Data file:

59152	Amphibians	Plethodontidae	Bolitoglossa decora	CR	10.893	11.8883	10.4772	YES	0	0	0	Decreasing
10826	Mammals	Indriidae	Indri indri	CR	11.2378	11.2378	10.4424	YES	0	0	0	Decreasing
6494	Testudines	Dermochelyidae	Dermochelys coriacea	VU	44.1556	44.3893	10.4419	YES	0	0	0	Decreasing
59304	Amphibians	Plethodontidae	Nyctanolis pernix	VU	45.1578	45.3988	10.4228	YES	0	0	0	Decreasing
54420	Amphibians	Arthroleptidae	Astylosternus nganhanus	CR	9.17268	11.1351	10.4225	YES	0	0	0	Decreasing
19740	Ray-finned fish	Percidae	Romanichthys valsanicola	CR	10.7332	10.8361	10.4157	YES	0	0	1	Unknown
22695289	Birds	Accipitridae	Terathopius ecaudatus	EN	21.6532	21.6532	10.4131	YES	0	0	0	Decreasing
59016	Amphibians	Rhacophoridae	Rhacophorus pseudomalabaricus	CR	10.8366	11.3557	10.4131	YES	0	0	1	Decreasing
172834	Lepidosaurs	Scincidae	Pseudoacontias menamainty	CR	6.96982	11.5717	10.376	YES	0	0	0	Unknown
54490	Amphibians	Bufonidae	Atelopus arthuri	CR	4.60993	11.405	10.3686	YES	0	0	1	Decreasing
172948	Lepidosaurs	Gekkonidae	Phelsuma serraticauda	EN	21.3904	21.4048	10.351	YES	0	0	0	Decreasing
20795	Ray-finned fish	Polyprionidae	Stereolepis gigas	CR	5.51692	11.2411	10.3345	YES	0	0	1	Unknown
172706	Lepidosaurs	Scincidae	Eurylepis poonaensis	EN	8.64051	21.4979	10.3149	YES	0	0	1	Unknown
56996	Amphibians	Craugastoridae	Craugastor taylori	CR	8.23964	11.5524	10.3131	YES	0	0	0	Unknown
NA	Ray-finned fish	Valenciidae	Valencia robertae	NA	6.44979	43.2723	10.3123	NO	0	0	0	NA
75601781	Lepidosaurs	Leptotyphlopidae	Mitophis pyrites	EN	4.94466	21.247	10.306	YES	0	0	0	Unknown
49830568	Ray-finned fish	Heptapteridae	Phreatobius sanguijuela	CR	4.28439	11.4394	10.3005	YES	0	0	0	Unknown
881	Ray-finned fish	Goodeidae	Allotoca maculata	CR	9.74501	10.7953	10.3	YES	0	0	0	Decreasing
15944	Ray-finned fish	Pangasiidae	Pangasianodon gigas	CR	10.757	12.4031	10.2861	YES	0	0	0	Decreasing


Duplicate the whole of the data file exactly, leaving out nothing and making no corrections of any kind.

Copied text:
59152	Amphibians	Plethodontidae	Bolitoglossa decora	CR	10.893	11.8883	10.4772	YES	0	0	0	Decreasing
10826	Mammals	Indriidae	Indri indri	CR	11.2378	11.2378	10.4424	YES	0	0	0	Decreasing
6494	Testudines	Dermochelyidae	Dermochelys coriacea	VU	44.1556	44.3893	10.4419	YES	0	0	0	Decreasing
59304	Amphibians	Plethodontidae	Nyctanolis pernix	VU	45.1578	45.3988	10.4228	YES	0	0	0	Decreasing
54420	Amphibians	Arthroleptidae	Astylosternus nganhanus	CR	9.17268	11.1351	10.4225	YES	0	0	0	Decreasing
19740	Ray-finned fish	Percidae	Romanichthys valsanicola	CR	10.7332	10.8361	10.4157	YES	0	0	1	Unknown
22695289	Birds	Accipitridae	Terathopius ecaudatus	EN	21.6532	21.6532	10.4131	YES	0	0	0	Decreasing
59016	Amphibians	Rhacophoridae	Rhacophorus pseudomalabaricus	CR	10.8366	11.3557	10.4131	YES	0	0	1	Decreasing
172834	Lepidosaurs	Scincidae	Pseudoacontias menamainty	CR	6.96982	11.5717	10.376	YES	0	0	0	Unknown
54490	Amphibians	Bufonidae	Atelopus arthuri	CR	4.60993	11.405	10.3686	YES	0	0	1	Decreasing
172948	Lepidosaurs	Gekkonidae	Phelsuma serraticauda	EN	21.3904	21.4048	10.351	YES	0	0	0	Decreasing
20795	Ray-finned fish	Polyprionidae	Stereolepis gigas	CR	5.51692	11.2411	10.3345	YES	0	0	1	Unknown
172706	Lepidosaurs	Scincidae	Eurylepis poonaensis	EN	8.64051	21.4979	10.3149	YES	0	0	1	Unknown
56996	Amphibians	Craugastoridae	Craugastor taylori	CR	8.23964	11.5524	10.3131	YES	0	0	0	Unknown
NA	Ray-finned fish	Valenciidae	Valencia robertae	NA	6.44979	43.2723	10.3123	NO	0	0	0	NA
75601781	Lepidosaurs	Leptotyphlopidae	Mitophis pyrites	EN	4.94466	21.247	10.306	YES	0	0	0	Unknown
49830568	Ray-finned fish	Heptapteridae	Phreatobius sanguijuela	CR	4.28439	11.4394	10.3005	YES	0	0	0	Unknown
881	Ray-finned fish	Goodeidae	Allotoca maculata	CR	9.74501	10.7953	10.3	YES	0	0	0	Decreasing
15944	Ray-finned fish	Pangasiidae	Pangasianodon gigas	CR	10.757	12.4031	10.2861	YES	0	0	0	Decreasing